# Sanity check: hotspot angle

Goal is to find 18650 or 21700 light with very pleasing beam pattern, with regard to hotspot angle, spill width, and ratio of output in spill/hotspot. I like W1 emitter in P60 reflector except that the spill is rather narrow, which I believe is due to the depth of the reflector.

Comparison of beam shots in reviews shows that Emisar D1 has one of the widest spills and is capable of tight hotspot.

I used the calculator here: https://budgetlightforum.com/t/-/48052. My assumption is that relative comparison of beam divergence angle indicates relative angle of hotspot. I input reflector diameters of P60 and D1, and played with focal length until the reflector depth matched the measured dimensions (found online in reviews and product specs). Is this the right way to do it?

I input LED diameter as diagonal length of die, and came up with the following beam divergence half angles in deg.

D1:
W1 7.7
W2 10.6
519a DD 15.1
SFT40 15.5
B35AM 23.4

P60:
W1 10.5

This suggests that W2 in D1 host will have similar hotspot angle as W1 in P60.

Is this sound logic?

What I don’t understand is why the calculated beam divergence seems so off. For example, Zebralight specs SC64c LE as 12 deg hotspot, and that is a very floody light. Surely way floodier than 519a DD in D1, which was calculated as 15.1 deg.

Am I misunderstanding the meaning of beam divergence? Or is the problem with the focal length?

Inputs are:
D1 reflector: OD 30.5 mm, center hole 7 mm, focal length 2.55 gives approx. reflector length of just over 20 mm (matching TG reviews measurements).

P60 reflector: OD 26 mm, center hole 7 mm, focal length 1.85 mm gives approx. reflector length of 22 mm (matching specs on Kaidomain product page).

Thank you.

No formula will tell you how a beam will look in real life. you may get some idea on a hotspot, but even at that very vague idea, but you wont know anything about spill. look for beamshots to compare, but again if shots are taken with camera in auto mode, it wont show you true picture, there is a site fonarevka.ru they have beamshots of many different lights, made in a dozen or two different locations, taken by a camera in manual mode, so you can reliably compare them. they have many lights compared but not every lights in existence.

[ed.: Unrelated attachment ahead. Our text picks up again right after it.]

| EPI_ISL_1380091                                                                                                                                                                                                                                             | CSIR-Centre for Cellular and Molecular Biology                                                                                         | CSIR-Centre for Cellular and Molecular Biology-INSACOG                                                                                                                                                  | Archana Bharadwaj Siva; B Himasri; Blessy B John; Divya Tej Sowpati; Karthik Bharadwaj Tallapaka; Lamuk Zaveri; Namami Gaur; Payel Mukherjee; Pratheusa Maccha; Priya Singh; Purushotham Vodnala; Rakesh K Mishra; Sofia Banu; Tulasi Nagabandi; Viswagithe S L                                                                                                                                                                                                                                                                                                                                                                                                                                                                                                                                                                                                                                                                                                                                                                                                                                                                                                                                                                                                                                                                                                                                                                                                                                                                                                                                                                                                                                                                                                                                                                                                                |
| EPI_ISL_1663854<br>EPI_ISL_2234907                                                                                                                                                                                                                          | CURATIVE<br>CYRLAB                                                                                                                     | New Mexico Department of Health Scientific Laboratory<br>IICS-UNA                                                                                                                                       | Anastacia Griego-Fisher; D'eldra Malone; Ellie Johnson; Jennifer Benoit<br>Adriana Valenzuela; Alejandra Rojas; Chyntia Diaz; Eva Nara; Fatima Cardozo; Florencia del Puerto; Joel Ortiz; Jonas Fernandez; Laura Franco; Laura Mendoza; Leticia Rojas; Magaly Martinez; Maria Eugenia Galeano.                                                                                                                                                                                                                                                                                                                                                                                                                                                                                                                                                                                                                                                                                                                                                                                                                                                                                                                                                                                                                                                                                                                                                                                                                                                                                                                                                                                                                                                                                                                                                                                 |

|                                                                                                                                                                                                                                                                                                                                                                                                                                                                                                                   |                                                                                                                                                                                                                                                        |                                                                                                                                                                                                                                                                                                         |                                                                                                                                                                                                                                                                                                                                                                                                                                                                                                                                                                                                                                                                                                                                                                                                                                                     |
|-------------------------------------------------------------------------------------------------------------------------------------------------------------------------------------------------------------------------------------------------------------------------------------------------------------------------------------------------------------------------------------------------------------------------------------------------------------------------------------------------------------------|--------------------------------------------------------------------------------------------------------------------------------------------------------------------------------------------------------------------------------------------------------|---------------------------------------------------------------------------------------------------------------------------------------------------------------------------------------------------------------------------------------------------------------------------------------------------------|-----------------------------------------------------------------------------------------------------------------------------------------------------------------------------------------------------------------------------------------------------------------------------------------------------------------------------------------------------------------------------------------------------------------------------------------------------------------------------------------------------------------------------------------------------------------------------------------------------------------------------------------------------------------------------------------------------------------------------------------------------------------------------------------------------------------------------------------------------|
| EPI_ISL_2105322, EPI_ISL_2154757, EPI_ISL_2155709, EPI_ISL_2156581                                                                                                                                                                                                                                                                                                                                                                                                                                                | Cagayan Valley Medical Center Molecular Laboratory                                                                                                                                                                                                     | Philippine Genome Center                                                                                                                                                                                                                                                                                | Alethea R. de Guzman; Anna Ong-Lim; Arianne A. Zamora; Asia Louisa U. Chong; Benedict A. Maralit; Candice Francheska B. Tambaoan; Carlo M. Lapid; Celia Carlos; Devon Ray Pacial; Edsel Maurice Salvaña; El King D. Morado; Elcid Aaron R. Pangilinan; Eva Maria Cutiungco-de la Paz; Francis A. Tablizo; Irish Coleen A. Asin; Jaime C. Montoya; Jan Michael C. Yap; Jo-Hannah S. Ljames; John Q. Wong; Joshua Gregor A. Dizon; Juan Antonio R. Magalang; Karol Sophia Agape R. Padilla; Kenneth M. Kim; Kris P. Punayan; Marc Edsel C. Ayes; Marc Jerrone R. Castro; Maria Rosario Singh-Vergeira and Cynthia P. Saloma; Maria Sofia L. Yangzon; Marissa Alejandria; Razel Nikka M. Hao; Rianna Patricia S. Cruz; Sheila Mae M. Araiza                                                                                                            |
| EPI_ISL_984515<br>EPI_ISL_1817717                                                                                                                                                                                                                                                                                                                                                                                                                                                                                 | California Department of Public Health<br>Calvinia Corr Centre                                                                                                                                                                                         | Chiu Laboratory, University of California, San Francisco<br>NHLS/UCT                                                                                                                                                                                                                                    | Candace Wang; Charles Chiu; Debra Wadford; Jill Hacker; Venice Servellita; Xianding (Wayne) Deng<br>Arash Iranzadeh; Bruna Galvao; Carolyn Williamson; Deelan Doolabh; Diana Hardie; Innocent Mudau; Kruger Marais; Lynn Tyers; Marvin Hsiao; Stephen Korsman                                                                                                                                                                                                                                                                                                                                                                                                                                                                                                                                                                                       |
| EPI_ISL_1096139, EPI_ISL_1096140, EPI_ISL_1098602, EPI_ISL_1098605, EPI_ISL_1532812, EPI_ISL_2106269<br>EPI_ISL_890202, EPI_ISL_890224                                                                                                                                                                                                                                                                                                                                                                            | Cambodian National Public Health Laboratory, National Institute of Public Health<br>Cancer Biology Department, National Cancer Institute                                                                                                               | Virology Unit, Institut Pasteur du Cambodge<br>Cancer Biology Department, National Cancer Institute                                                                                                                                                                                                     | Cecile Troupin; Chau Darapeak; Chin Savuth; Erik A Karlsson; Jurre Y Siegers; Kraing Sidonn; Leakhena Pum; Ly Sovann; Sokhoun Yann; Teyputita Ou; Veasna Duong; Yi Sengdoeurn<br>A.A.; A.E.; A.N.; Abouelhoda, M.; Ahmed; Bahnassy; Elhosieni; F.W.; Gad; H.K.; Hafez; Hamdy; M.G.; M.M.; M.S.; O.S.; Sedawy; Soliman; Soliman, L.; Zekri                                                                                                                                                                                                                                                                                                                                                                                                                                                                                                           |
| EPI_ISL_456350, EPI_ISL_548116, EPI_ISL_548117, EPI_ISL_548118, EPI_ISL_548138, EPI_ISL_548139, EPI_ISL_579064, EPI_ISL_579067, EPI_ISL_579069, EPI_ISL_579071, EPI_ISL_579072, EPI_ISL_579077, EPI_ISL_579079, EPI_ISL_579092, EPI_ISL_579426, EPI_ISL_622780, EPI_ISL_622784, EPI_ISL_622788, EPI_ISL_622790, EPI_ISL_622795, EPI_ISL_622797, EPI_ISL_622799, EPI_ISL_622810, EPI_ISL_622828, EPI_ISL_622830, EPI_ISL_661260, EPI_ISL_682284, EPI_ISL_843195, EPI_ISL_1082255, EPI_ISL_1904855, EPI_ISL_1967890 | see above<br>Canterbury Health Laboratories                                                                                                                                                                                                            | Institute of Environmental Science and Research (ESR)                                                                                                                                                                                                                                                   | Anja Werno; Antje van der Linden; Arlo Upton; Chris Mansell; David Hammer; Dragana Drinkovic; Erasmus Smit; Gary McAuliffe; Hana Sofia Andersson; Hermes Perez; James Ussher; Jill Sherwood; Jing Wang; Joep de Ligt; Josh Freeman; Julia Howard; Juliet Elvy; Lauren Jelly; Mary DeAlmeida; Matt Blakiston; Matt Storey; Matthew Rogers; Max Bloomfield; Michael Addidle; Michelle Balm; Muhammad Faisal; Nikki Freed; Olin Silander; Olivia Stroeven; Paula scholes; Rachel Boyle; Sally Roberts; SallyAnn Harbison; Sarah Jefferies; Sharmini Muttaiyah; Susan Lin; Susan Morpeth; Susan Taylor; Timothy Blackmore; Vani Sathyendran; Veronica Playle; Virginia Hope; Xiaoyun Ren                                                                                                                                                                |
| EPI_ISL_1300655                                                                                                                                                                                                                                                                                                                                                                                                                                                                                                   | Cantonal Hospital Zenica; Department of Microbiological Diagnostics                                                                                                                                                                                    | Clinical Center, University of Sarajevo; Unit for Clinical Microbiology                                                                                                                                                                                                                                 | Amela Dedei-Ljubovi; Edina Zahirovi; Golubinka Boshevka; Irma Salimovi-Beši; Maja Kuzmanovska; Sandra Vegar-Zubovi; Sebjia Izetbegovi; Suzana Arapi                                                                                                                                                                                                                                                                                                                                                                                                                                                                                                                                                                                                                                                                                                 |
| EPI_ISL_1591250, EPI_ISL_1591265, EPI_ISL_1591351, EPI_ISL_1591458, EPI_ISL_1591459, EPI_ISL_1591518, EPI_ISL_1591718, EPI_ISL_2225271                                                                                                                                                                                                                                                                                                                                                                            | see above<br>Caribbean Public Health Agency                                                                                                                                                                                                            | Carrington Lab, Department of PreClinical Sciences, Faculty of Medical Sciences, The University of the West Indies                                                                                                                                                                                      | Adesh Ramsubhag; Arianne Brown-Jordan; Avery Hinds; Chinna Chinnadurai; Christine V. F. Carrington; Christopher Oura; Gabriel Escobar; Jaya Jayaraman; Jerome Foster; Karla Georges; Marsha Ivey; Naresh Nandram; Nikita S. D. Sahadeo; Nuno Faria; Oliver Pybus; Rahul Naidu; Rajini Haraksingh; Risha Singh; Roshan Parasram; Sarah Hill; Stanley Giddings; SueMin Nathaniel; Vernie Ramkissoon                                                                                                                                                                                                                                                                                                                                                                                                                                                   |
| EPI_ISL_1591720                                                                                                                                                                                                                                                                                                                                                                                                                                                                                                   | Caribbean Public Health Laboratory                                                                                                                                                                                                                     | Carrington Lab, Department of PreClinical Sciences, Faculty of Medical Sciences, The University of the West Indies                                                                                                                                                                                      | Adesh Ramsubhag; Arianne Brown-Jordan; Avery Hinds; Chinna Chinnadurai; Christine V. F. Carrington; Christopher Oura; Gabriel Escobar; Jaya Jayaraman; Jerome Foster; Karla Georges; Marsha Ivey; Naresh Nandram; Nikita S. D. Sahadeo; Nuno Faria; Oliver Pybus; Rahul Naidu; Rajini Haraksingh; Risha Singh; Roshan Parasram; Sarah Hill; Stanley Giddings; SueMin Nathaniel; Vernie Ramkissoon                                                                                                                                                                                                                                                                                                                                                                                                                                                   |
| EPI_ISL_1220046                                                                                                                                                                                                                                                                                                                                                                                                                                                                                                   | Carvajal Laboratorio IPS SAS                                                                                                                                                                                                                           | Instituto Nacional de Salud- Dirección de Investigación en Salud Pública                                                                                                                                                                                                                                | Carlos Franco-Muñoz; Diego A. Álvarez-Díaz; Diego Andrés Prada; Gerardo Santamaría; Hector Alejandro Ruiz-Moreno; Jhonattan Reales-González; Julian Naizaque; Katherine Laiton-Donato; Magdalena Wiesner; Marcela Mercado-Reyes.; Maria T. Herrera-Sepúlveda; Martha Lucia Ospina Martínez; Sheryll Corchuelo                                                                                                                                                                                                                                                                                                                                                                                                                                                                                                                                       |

In theory, this is the right way. In practice, some of the parameters (such as reflector focal length) are extremely sensitive to even minor errors in measurement--it's almost impossible to get values that are precise enough to give you even a ballpark estimate. The resulting D1 numbers are definitely way off, I'd say it overestimates divergence by at least a factor of 2.

There is a much simpler and more practical way to estimate divergence, as long as you have one reference light X, with LED diameter D, reflector diameter R, and known divergence angle A. If you want to estimate the divergence angle of light Y with LED diameter d and reflector diameter r, you can get a decent approximation via A*(d/D)*(R/r). This approximation is fairly accurate assuming similar reflector shapes and relatively throwy beams.

Appreciate the feedback.

I ended up getting a Sofirn IF22a after becoming enamored with beam shots from reviews showing a wide mule like flood and fairly tight hotpot. Some people said the spill was too dim to be useful but for me it lives up to the hype. It’s a very pleasing beam to use in my backyard. The UI is a little clunky but I don’t mind the mode memory since medium is about all that I use. The button is so hard to find though. I wouldn’t mind getting a second one to try and install a better button plus a better driver with Anduril. Possibly, would be even better to ever so slightly diffuse the beam, to get just a little bit brighter spill.